EM central bank reserve accumulation to crush volatility and boost carry trade

Peter Garnham
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EM reserve managers are starting to accumulate funds on a scale not seen for more than a year – a development that is likely to keep FX volatility down at its current low level and encourage investors into carry trades.

For the first time since mid-2011, EM central bank reserves are showing early signs of growth, despite trade balances holding near cyclical lows, says Richard Cochinos, FX strategist at Bank of America Merrill Lynch (BAML). BAML’s high-frequency measure of the eight EM central banks that report reserves on a daily or weekly basis shows accumulation during the past two weeks is up $13 billion. That is well above average for this year or, given that it is just halfway through September, higher than any single month. Cochinos says, when extrapolated across a global suite of 50 EM central banks, reserve accumulation in September should be in excess of $108 billion.

 EM reserves on the rise, driven by real money flows

 Source: Bloomberg, BAML
BAML says the flows are being driven by the financial – not the current account – side of the balance sheet, with private, real-money investors, predominantly in the US and Europe, rotating investment capital out of developed markets and into EM. The bank says real-money flows explain a large share of the recent growth in EM reserves, and with the Federal Reserve becoming more dovish as it launches QE3, those trends are likely to flourish, breaking the stagnant reserve patterns between April and August. Indeed, the bank’s latest rates and FX sentiment survey of real-money managers highlights an overweight stance on EM FX and debt. “With increasing assets under management, we find that the investment styles of reserve managers are changing,” says Cochinos. “This re-introduces typical flow rebalancing, but importantly it helps to limit G10 volatility.”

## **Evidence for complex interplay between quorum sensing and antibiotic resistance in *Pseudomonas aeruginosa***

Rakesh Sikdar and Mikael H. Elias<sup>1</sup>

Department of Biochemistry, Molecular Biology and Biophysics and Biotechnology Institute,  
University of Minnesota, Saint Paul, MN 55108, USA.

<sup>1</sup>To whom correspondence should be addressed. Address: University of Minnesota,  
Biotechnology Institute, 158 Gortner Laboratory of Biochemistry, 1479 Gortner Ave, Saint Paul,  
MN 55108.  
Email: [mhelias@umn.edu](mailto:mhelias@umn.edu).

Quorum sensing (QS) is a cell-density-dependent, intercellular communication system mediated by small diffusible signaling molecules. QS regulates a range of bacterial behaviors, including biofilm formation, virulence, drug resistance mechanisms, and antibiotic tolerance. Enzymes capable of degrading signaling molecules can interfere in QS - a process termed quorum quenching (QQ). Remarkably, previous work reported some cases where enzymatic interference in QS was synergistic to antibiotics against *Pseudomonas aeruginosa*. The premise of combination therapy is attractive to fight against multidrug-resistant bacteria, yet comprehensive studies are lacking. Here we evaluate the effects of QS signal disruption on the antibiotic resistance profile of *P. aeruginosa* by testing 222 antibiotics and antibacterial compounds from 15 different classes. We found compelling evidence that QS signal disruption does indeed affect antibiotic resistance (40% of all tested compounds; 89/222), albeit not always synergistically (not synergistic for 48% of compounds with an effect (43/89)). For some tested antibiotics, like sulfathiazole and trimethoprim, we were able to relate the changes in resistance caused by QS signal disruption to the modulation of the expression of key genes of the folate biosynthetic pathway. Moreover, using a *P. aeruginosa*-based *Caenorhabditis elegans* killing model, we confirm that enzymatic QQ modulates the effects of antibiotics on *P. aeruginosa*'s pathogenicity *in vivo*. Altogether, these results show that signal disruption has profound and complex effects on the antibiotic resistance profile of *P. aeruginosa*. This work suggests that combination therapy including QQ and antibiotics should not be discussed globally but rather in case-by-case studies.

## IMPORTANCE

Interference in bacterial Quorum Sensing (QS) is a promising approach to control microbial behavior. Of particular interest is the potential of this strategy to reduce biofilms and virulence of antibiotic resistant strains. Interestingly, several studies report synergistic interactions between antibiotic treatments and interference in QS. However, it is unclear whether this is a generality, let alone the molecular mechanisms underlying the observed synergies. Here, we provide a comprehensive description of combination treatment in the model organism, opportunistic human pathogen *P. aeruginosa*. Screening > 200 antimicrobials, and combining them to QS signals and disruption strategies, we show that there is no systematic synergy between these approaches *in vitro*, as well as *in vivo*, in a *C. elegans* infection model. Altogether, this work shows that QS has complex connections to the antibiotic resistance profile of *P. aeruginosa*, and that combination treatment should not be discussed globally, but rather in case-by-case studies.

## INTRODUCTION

EM bond flows outgrowing G10

 Source: EPFR, BAML
One aspect of increasing reserves at EM central banks means that managers will recycle the USD they receive into other currencies, such as EUR, JPY, GBP, AUD and CAD. Another is that it suppresses volatility in FX. BAML finds that as the spread between reserve manager and hedge fund flows in the FX market increases, volatility falls. That is what is happening now. The correlation between proprietary reserve manager flows and hedge fund FX flows captured by BAML has been falling recently – and now holding a negative correlation of 35%. That is in contrast to May, when the correlation was rising, implying that central banks were behaving like alpha-seeking investors. “Our explanation for the change was the weaker reserve growth than in 2010 or 2011, so that a greater share of official investments resulted not from flow rebalancing but management of existing capital,” says Cochinos. “The reverse is now happening.”

 Official flows are again contrarian to hedge funds

 Source: BAML
In other words, the more opposed reserve manager and hedge fund flows are, the more they move in opposite directions, and the lower the volatility of any given currency pair. Cochinos says this means the current low levels of volatility seen across currencies might not be unfairly priced, even if perceived as too low compared with historic volatility. With EM FX reserve accumulation expected to increase in the near future, he adds, that means the low-volatility environment could continue for now.

“Typically, these regimes support carry trades,” says Cochinos. “Given the flow argument, this should, in turn, find support for AUD, both from reserve rebalancing and carry flows.” 

This article was originally published by EuromoneyFXNews.